LB: A year ago, when I gave an interview on this, I was still feeling guilty. I realized I was trying to be my mother; I didn’t have any other role models. You girls today are lucky, you have the opportunity to meet women who are leaders and balancing careers. I didn’t have much of that, so I was just trying to do what I saw everyone else doing, and I would just feel bad about it. My husband luckily loved what he was doing and never resented me or was envious.

RZ: It sounds like you guys were very logical about this. How did you have that conversation?

LB: Well listen, before you get married you better know what you want as a parent and as a spouse.

RZ: And some of it is about letting go of that control, too.

LB: For me,  I didn’t get to go to the concerts and games, but I wanted to have meals with them when I was home. For me it was breakfast and dinner. I would send a videographer to all my son’s lacrosse games and I have a stack of DVDs. I never watched the videos, but I wanted to make sure I had them. It’s the little things for me, like baking cookies once a year at the holidays. But if your husband is not going to support you in your career, then you have to work that out. It’s not gonna jive.

RZ: You’ve been a real advocate for real beauty, fighting against airbrushing and what not. Does it help your brand to take that stance? Is it difficult to compete in a world where everyone’s airbrushed?

LB: I think the beauty industry can hurt women who are trying to find their identities. I think with the industry retouching so much, we never feel good about ourselves. And we’re constantly looking in the mirror and obsessing about the little things that are wrong with us instead of looking in the mirror and  saying, “Wow, my lashes are really not that bad,” or, “My lips are a nice shape.” Half the models that they use don’t look like that in real life. I think it’s a shame. When I heard that a company that sells cellulite cream uses a 14-year-old model, as the leg model, to show what your skin would look like, that’s just not fair, it’s not nice.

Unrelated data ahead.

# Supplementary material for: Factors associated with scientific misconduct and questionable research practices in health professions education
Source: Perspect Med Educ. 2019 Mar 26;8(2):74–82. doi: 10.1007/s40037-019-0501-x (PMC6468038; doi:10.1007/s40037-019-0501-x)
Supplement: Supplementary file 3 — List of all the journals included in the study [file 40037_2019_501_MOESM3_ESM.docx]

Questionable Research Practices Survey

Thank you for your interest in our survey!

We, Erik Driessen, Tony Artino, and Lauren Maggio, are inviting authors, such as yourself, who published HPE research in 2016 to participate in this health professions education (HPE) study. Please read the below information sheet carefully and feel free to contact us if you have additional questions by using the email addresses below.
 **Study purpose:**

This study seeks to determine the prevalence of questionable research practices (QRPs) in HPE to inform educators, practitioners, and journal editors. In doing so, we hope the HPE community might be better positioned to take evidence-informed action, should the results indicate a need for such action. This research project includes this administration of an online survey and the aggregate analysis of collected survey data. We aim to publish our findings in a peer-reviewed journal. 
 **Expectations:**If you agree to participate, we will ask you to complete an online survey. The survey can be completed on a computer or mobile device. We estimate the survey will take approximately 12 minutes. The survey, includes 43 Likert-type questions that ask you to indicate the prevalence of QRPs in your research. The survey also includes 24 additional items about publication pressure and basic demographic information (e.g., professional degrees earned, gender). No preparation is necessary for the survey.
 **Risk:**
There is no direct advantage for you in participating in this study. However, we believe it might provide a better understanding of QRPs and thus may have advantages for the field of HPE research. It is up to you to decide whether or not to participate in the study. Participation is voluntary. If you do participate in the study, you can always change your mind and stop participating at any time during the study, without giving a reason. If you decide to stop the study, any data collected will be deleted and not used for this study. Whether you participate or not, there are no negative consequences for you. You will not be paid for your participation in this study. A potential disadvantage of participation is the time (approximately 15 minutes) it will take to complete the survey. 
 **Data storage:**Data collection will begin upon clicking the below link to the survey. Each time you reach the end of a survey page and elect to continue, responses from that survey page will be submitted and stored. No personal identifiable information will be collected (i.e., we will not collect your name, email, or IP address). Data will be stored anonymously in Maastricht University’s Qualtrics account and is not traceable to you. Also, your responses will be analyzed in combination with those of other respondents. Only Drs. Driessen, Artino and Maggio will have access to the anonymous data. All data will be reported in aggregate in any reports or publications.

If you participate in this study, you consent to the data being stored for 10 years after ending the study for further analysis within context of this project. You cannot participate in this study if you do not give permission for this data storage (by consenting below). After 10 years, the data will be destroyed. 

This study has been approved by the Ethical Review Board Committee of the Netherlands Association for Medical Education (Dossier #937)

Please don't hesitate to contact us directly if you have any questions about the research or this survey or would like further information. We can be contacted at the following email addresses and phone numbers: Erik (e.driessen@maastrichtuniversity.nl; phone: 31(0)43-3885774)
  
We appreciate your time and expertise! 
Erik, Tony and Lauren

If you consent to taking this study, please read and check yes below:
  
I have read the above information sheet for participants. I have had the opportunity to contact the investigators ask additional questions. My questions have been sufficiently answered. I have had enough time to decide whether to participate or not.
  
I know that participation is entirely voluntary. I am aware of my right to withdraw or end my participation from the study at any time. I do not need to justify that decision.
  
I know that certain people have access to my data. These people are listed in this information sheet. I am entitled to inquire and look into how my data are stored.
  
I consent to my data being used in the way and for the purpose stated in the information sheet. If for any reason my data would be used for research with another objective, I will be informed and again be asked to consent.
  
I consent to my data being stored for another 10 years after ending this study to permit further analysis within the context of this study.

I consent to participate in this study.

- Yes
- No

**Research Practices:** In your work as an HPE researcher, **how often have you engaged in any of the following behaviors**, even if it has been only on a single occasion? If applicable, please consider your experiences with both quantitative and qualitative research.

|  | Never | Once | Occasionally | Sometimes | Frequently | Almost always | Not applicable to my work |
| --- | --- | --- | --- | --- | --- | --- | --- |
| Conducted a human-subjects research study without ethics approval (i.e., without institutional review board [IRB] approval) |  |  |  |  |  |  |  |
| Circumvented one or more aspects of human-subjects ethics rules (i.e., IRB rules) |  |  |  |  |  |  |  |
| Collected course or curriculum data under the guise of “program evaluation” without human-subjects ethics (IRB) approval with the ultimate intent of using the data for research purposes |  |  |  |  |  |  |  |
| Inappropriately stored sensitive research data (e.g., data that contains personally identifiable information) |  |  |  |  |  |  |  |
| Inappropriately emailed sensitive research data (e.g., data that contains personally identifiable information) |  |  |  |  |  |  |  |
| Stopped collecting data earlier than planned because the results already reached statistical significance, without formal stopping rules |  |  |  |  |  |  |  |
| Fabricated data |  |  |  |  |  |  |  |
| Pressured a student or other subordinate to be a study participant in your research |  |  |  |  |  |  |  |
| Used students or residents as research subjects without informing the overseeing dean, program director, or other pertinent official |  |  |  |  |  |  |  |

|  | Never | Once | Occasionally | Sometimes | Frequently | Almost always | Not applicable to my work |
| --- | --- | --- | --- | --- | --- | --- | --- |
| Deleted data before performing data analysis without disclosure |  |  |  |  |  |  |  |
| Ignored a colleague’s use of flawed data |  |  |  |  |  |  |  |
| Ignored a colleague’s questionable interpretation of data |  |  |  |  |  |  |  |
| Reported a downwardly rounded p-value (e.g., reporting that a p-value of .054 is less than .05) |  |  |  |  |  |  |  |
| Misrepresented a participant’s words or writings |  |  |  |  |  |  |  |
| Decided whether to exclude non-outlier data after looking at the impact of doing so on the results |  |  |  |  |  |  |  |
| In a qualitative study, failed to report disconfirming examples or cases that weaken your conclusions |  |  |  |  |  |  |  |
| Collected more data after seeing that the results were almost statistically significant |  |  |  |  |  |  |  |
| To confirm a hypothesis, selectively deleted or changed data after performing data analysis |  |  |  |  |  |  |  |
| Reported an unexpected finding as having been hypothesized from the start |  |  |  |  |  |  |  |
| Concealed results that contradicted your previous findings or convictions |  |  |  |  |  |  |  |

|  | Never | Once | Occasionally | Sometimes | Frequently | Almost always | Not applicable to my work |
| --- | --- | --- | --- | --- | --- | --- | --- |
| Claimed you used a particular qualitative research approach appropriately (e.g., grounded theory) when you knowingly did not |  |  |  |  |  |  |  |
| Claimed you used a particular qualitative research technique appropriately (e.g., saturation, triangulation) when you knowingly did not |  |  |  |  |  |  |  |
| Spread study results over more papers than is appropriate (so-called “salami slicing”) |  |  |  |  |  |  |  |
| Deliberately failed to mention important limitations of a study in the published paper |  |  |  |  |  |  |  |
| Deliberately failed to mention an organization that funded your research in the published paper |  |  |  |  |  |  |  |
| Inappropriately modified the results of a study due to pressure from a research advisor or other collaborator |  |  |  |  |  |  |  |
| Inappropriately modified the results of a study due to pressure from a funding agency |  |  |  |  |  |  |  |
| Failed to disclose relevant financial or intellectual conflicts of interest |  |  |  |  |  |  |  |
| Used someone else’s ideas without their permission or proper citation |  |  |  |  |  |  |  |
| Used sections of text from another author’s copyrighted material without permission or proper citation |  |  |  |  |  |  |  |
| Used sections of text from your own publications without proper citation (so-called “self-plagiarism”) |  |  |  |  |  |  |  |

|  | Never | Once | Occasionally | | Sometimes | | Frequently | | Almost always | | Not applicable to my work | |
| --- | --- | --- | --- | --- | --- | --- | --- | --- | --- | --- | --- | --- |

I think there’s aspirational, and there’s inspirational. And if you can be a role model here, as a beauty company, and show that you’re beautiful – you don’t have to take off the freckle or the mole or the brown spot, or change their nose if it’s not perfect – because beauty is a wide range. Don’t let the cosmetic companies tell you what beauty is. That’s what pisses me off. So a couple years ago, we did the blind casting, which I loved…

RZ: Can you explain what blind casting is?

LB: Yes! So we decided to do our first ad campaign, with models. Before that we brought in real people that sent us letters and they were the ones on the infomercial. Now, we were going to hire people and pay them to model, which was kinda against the grain for me a little bit. But what we did instead, is that we brought them in on the go-see, but we weren’t looking at them, we were listening to them. We had them answer questions. And the ones we liked, as people, and if they sounded like we wanted to hang out with them, if they had good ideas, if they weren’t all about vanity and themselves, had intelligence and were fun, we hired them.

We actually signed 5 people…signed them!…before seeing them. And they became our models. It was very stressful. I’m sweating just thinking about it. The risk is that they all look exactly the same and that they’re all the same age. That would be weird because most of the people who are seeing it in the magazine don’t know how we got the models. We know. It was really for us and we did a little campaign on it, but most of the people that saw these pictures didn’t know how we got them. So what if they were all blonde, blue-eyed and 24-years old? That would be a bummer. But luckily we got quite the range. And I’m still in touch with these women. They’re cool. So I feel good about that. And when the agency retouched the pictures, we had a big issue with them wanting to retouch them but that’s what they were used to. We had to say,  “We like her nose, we like her eyebrows, we like her chin.” We knew we needed to keep these people – whom we had met, heard and loved their stories – true all the way to the end. We feel good about that and that’s why we are an inspirational brand. We need to be inspired at work, and then hopefully our customers will be inspired.